It’s also important to note, these experts say, that it appears that damage to children’s brains caused by stress might not be permanent. “Stress effects are not ‘brain damage’ but reversible or treatable,” claims Bruce McEwen, neuroendocrinology researcher at The Rockefeller University.

A powerful antidote

“Exercise,” says McEwen, physical activity stimulates hippocampus growth, and group exercise with team sports like soccer and games like tag fosters neuron development.

“Exercise is one of the best things children can do to combat stress. It increases neurons’ creation, survival, and resistance to damage and stress.” Monica R. Fleshner, Ph.D., integrative physiologist at the University of Colorado, also agrees, explaining, “Maintaining regular physical activity is one way to help promote both stress resistance and stress resilience.”

Be knowledgeable and observant

Teachers and administrators need to be aware that although bullying generally happens in areas such as the bathroom, playground, crowded hallways, and school buses as well as via cell phones and computers (where supervision is limited or absent), it must be taken seriously.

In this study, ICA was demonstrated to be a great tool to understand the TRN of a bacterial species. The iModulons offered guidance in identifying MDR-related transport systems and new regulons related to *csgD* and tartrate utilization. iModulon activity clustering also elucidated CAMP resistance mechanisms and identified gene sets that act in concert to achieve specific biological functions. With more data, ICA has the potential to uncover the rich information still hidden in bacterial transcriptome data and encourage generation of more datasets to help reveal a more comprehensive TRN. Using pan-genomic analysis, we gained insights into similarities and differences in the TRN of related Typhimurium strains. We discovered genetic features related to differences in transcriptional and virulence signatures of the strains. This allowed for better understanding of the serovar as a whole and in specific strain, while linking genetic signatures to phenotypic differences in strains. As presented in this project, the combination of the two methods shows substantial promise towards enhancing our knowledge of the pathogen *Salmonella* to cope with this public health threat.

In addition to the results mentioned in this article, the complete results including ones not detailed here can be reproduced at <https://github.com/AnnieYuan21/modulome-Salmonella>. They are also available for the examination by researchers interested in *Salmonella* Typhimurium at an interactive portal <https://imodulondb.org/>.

Teachers and administrators should emphasize that telling is not tattling. If a teacher observes bullying in a classroom, he/she needs to intervene immediately to stop it, record the incident and inform the appropriate school administrators so the incident can be investigated. Having a joint meeting with the bullied student and the student who is bullying is not recommended — it is embarrassing and very intimidating for the student that is being bullied.

Schools and classrooms must offer students a safe learning environment. Teachers and coaches need to remind explicitly students that bullying is not accepted in school, and such behaviors will have consequences. Creating an anti-bullying document and having both the student and the parents/guardians sign and return it to the school office helps students understand the seriousness of bullying.

Also, for students who have a hard time adjusting or finding friends, teachers and administrators can facilitate friendships or provide “jobs” for the student to do during lunch and recess so that children do not feel isolated or in danger of becoming targets for bullying.

Resource provided by http://www.greatschools.org/

The Impact of Bullying

Bullying was once considered a simple, harmless rite of childhood experienced by many students. Today, research shows that bullying has significant short- and long-term effects that impact education, health and safety.